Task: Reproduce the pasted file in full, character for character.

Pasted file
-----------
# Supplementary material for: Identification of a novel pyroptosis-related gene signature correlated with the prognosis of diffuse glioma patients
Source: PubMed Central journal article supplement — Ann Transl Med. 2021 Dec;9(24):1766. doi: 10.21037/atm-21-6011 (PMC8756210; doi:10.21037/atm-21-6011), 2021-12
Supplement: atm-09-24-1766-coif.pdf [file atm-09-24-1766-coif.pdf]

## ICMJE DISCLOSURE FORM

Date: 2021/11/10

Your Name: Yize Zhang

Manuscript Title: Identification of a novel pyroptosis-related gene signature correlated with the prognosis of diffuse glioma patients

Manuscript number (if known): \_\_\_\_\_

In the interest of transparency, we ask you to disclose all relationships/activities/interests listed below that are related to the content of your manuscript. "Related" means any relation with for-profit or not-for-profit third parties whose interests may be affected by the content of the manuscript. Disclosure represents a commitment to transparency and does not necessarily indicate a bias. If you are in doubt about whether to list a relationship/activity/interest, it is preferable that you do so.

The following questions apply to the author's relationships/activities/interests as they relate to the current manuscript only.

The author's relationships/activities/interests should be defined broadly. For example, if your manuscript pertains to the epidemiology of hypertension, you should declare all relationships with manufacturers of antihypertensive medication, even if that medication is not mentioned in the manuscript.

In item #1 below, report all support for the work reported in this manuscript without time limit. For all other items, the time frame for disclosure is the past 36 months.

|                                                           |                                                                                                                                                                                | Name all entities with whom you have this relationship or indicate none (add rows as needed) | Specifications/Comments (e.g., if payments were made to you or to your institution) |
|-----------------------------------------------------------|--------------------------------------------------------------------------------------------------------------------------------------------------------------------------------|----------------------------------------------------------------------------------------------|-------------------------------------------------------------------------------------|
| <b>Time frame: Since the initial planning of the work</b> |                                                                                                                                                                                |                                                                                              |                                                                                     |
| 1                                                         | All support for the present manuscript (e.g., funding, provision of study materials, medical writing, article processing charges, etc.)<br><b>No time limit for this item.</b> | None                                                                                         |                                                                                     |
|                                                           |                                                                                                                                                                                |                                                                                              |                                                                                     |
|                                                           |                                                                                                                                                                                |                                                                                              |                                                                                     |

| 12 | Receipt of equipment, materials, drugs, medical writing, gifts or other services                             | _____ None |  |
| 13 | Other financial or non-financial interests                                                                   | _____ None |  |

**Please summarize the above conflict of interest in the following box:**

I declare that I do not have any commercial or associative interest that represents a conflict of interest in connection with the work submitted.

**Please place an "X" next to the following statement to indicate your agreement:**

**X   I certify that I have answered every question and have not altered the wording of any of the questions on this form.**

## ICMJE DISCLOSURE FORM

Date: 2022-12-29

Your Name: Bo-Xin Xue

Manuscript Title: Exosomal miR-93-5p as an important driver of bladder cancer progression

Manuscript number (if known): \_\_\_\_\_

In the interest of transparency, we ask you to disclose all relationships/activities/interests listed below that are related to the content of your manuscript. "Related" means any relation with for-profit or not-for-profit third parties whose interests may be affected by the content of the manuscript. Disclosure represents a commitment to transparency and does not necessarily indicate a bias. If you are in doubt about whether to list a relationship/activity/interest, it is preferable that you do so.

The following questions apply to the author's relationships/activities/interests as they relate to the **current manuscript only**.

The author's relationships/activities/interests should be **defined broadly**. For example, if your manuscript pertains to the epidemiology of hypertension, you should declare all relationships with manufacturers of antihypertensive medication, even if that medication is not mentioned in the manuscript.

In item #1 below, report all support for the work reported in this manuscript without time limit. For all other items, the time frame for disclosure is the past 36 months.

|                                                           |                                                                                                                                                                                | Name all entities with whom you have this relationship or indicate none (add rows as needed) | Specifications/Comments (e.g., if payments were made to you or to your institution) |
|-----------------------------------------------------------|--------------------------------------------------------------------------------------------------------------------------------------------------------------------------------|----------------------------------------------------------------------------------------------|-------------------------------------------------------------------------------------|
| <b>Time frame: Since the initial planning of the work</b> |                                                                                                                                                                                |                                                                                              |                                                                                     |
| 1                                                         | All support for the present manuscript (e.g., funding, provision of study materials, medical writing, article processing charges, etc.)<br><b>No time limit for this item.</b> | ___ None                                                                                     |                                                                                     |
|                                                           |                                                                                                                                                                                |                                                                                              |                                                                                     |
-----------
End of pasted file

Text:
# Supplementary material for: Identification of a novel pyroptosis-related gene signature correlated with the prognosis of diffuse glioma patients
Source: PubMed Central journal article supplement — Ann Transl Med. 2021 Dec;9(24):1766. doi: 10.21037/atm-21-6011 (PMC8756210; doi:10.21037/atm-21-6011), 2021-12
Supplement: atm-09-24-1766-coif.pdf [file atm-09-24-1766-coif.pdf]

## ICMJE DISCLOSURE FORM

Date: 2021/11/10

Your Name: Yize Zhang

Manuscript Title: Identification of a novel pyroptosis-related gene signature correlated with the prognosis of diffuse glioma patients

Manuscript number (if known): \_\_\_\_\_

In the interest of transparency, we ask you to disclose all relationships/activities/interests listed below that are related to the content of your manuscript. "Related" means any relation with for-profit or not-for-profit third parties whose interests may be affected by the content of the manuscript. Disclosure represents a commitment to transparency and does not necessarily indicate a bias. If you are in doubt about whether to list a relationship/activity/interest, it is preferable that you do so.

The following questions apply to the author's relationships/activities/interests as they relate to the current manuscript only.

The author's relationships/activities/interests should be defined broadly. For example, if your manuscript pertains to the epidemiology of hypertension, you should declare all relationships with manufacturers of antihypertensive medication, even if that medication is not mentioned in the manuscript.

In item #1 below, report all support for the work reported in this manuscript without time limit. For all other items, the time frame for disclosure is the past 36 months.

|                                                           |                                                                                                                                                                                | Name all entities with whom you have this relationship or indicate none (add rows as needed) | Specifications/Comments (e.g., if payments were made to you or to your institution) |
|-----------------------------------------------------------|--------------------------------------------------------------------------------------------------------------------------------------------------------------------------------|----------------------------------------------------------------------------------------------|-------------------------------------------------------------------------------------|
| <b>Time frame: Since the initial planning of the work</b> |                                                                                                                                                                                |                                                                                              |                                                                                     |
| 1                                                         | All support for the present manuscript (e.g., funding, provision of study materials, medical writing, article processing charges, etc.)<br><b>No time limit for this item.</b> | None                                                                                         |                                                                                     |
|                                                           |                                                                                                                                                                                |                                                                                              |                                                                                     |
|                                                           |                                                                                                                                                                                |                                                                                              |                                                                                     |

| 12 | Receipt of equipment, materials, drugs, medical writing, gifts or other services                             | _____ None |  |
| 13 | Other financial or non-financial interests                                                                   | _____ None |  |

**Please summarize the above conflict of interest in the following box:**

I declare that I do not have any commercial or associative interest that represents a conflict of interest in connection with the work submitted.

**Please place an "X" next to the following statement to indicate your agreement:**

**X   I certify that I have answered every question and have not altered the wording of any of the questions on this form.**

## ICMJE DISCLOSURE FORM

Date: 2022-12-29

Your Name: Bo-Xin Xue

Manuscript Title: Exosomal miR-93-5p as an important driver of bladder cancer progression

Manuscript number (if known): \_\_\_\_\_

In the interest of transparency, we ask you to disclose all relationships/activities/interests listed below that are related to the content of your manuscript. "Related" means any relation with for-profit or not-for-profit third parties whose interests may be affected by the content of the manuscript. Disclosure represents a commitment to transparency and does not necessarily indicate a bias. If you are in doubt about whether to list a relationship/activity/interest, it is preferable that you do so.

The following questions apply to the author's relationships/activities/interests as they relate to the **current manuscript only**.

The author's relationships/activities/interests should be **defined broadly**. For example, if your manuscript pertains to the epidemiology of hypertension, you should declare all relationships with manufacturers of antihypertensive medication, even if that medication is not mentioned in the manuscript.

In item #1 below, report all support for the work reported in this manuscript without time limit. For all other items, the time frame for disclosure is the past 36 months.

|                                                           |                                                                                                                                                                                | Name all entities with whom you have this relationship or indicate none (add rows as needed) | Specifications/Comments (e.g., if payments were made to you or to your institution) |
|-----------------------------------------------------------|--------------------------------------------------------------------------------------------------------------------------------------------------------------------------------|----------------------------------------------------------------------------------------------|-------------------------------------------------------------------------------------|
| <b>Time frame: Since the initial planning of the work</b> |                                                                                                                                                                                |                                                                                              |                                                                                     |
| 1                                                         | All support for the present manuscript (e.g., funding, provision of study materials, medical writing, article processing charges, etc.)<br><b>No time limit for this item.</b> | ___ None                                                                                     |                                                                                     |
|                                                           |                                                                                                                                                                                |                                                                                              |                                                                                     |